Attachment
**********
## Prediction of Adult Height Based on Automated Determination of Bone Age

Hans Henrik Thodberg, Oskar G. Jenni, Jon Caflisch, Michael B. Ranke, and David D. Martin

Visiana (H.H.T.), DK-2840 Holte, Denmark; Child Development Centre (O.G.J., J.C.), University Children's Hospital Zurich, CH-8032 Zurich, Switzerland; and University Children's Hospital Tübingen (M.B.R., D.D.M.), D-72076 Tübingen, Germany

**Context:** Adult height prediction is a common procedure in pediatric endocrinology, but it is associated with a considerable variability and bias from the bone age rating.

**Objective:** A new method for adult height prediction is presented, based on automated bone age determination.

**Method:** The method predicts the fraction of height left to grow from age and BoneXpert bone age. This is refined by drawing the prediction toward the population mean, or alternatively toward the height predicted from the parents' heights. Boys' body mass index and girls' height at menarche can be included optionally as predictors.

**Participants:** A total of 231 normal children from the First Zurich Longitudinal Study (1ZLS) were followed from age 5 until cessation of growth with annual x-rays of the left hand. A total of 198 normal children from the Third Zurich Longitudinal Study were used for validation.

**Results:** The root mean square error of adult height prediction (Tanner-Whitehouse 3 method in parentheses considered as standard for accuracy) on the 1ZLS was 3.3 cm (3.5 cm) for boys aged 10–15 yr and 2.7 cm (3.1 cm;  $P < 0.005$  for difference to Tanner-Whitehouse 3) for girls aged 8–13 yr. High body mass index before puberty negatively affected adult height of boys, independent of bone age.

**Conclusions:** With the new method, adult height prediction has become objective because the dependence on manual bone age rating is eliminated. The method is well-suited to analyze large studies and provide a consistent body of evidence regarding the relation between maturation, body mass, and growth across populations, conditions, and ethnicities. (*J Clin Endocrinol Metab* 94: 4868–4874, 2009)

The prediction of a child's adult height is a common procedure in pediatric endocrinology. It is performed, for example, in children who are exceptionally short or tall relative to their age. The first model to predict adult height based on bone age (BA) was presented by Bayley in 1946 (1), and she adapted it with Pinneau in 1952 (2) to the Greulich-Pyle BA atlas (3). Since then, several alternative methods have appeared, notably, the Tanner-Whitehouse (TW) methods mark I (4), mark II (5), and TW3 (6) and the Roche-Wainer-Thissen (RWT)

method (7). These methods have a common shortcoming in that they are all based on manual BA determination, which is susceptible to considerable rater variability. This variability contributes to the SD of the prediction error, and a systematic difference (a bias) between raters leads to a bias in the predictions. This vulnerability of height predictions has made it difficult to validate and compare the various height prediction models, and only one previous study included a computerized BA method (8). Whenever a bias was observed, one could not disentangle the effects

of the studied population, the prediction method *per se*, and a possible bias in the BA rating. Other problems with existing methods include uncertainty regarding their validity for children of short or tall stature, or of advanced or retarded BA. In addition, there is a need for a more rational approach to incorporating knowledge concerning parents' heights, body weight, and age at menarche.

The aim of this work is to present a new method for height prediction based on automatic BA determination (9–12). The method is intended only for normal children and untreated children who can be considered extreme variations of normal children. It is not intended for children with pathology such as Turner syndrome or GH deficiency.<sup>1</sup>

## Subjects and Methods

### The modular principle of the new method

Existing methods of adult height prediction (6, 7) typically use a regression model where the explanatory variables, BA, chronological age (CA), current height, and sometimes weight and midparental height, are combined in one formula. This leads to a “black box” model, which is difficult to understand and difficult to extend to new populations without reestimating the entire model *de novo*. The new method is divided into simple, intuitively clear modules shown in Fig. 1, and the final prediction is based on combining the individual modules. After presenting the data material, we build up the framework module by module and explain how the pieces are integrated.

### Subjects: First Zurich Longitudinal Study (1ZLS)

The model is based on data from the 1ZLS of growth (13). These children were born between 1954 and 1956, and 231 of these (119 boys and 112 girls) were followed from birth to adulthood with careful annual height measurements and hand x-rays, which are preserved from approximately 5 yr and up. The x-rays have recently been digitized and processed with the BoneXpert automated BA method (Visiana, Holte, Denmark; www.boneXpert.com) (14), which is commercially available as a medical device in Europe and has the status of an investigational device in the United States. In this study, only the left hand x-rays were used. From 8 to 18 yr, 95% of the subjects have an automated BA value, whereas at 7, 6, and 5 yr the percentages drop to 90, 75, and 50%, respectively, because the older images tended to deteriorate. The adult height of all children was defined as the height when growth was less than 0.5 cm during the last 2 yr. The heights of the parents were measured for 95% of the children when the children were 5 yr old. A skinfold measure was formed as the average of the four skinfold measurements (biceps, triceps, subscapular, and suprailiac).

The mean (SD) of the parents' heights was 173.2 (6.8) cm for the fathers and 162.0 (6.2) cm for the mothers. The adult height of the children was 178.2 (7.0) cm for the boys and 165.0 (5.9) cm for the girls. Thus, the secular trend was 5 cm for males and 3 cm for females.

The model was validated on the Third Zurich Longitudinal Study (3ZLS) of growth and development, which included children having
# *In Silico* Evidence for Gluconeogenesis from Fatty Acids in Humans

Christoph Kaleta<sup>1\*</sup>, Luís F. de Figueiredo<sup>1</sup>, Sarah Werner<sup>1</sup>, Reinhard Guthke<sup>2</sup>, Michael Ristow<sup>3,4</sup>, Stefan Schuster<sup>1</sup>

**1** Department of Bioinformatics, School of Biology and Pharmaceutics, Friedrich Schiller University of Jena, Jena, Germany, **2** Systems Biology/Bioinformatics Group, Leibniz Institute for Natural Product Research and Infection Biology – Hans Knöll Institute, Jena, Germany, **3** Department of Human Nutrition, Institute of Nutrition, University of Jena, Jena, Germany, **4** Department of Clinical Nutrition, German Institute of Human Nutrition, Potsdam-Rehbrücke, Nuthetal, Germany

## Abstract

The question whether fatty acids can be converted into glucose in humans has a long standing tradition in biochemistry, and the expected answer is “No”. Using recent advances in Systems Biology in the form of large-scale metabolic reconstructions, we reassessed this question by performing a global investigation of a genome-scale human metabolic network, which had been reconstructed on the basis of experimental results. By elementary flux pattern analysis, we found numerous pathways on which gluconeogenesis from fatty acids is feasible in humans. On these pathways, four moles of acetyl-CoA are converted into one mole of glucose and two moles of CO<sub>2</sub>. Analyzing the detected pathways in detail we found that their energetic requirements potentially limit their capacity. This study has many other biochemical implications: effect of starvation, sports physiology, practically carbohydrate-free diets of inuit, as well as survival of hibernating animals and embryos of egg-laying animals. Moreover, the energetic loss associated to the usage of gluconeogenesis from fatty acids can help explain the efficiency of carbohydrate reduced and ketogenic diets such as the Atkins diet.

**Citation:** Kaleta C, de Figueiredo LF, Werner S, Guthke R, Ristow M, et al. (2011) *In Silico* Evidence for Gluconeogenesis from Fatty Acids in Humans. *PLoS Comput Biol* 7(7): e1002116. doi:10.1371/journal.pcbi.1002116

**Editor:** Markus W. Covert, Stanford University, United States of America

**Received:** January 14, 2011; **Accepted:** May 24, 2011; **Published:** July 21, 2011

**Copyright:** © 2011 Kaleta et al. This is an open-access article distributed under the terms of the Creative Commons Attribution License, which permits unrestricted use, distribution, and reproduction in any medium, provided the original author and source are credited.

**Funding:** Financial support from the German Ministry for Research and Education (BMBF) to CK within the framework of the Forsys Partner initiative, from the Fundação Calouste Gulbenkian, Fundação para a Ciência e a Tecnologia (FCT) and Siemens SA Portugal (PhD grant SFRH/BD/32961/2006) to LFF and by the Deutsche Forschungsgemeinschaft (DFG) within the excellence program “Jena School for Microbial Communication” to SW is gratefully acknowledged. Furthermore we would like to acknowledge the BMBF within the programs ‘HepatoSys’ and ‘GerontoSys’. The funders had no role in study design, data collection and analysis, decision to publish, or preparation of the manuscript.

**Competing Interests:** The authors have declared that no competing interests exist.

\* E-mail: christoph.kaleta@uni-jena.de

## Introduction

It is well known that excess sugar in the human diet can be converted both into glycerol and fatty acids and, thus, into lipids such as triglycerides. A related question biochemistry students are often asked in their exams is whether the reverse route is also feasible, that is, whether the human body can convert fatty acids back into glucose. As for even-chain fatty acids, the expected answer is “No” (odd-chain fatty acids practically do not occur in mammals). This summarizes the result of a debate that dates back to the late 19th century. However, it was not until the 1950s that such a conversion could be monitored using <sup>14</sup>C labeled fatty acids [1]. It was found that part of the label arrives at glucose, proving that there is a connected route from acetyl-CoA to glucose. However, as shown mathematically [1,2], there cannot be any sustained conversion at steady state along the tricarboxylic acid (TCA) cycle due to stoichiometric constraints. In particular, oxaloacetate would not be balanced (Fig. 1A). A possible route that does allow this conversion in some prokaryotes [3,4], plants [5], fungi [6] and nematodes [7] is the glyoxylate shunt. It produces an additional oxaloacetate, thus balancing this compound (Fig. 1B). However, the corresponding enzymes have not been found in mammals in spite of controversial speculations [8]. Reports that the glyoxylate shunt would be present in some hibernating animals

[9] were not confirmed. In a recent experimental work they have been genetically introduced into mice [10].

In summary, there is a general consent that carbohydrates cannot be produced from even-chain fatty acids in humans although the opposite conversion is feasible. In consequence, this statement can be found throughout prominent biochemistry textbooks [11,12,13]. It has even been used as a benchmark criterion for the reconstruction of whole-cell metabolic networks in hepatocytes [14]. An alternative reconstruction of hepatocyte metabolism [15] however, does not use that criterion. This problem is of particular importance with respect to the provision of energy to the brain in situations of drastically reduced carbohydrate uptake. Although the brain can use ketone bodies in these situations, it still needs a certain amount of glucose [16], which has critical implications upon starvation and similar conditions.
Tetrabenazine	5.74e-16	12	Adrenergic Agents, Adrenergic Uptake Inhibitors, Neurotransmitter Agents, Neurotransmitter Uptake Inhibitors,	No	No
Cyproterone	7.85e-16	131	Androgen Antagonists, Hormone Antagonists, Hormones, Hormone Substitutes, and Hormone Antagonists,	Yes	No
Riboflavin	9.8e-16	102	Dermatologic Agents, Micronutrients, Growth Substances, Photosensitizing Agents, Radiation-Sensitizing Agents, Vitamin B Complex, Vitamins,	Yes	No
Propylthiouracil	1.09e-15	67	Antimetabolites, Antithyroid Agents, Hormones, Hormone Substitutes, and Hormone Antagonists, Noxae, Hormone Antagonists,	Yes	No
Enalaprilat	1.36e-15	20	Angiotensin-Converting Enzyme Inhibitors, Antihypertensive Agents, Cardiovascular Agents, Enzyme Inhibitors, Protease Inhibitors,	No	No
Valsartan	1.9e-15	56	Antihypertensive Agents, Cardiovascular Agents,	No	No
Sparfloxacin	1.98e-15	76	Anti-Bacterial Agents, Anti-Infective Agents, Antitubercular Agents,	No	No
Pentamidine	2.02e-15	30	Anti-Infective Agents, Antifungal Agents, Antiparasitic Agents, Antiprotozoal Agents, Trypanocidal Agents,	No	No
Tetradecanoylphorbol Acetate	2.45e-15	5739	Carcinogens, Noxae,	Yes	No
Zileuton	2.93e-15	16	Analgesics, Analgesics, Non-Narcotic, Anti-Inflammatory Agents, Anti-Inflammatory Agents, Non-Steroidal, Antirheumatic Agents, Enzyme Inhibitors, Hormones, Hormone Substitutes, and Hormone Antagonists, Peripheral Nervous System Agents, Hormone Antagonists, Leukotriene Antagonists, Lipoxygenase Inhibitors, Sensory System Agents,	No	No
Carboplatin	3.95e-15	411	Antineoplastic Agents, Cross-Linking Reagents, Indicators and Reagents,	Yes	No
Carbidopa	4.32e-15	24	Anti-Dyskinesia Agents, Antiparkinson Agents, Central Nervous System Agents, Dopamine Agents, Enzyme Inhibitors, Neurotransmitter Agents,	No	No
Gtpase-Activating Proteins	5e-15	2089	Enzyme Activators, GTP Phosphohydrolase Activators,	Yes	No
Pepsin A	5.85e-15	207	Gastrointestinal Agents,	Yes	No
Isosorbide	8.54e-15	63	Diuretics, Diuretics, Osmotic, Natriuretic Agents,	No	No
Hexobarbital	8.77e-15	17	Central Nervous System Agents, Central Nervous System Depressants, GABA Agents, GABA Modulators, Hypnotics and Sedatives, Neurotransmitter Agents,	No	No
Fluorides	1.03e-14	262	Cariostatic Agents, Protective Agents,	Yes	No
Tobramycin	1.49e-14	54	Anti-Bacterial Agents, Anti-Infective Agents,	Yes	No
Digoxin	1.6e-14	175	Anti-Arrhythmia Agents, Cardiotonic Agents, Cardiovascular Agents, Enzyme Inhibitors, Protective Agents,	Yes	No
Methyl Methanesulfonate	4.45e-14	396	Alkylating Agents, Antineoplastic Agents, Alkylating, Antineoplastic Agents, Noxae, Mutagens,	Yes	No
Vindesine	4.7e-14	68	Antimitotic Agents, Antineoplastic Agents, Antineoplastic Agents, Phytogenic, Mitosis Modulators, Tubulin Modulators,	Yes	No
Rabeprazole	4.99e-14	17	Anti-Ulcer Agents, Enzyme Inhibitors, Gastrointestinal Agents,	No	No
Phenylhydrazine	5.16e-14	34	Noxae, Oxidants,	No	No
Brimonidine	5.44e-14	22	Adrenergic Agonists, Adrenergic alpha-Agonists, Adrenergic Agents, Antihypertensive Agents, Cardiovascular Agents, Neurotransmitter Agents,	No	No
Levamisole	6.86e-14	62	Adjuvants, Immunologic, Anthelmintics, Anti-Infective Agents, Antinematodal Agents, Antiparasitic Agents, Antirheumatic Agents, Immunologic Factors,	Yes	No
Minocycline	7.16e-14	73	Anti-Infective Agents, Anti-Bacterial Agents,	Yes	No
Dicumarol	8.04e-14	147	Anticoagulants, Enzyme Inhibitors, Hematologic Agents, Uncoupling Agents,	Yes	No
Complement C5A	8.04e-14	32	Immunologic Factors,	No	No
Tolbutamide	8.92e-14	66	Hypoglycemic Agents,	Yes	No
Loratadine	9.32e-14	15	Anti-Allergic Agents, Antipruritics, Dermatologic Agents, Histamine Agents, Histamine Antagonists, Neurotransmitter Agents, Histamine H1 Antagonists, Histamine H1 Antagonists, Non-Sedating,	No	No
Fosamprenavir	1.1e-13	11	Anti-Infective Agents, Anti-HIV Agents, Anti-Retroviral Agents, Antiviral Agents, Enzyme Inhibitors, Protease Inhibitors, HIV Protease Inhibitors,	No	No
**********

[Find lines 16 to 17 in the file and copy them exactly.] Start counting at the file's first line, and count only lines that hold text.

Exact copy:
Existing methods of adult height prediction (6, 7) typically use a regression model where the explanatory variables, BA, chronological age (CA), current height, and sometimes weight and midparental height, are combined in one formula. This leads to a “black box” model, which is difficult to understand and difficult to extend to new populations without reestimating the entire model *de novo*. The new method is divided into simple, intuitively clear modules shown in Fig. 1, and the final prediction is based on combining the individual modules. After presenting the data material, we build up the framework module by module and explain how the pieces are integrated.

### Subjects: First Zurich Longitudinal Study (1ZLS)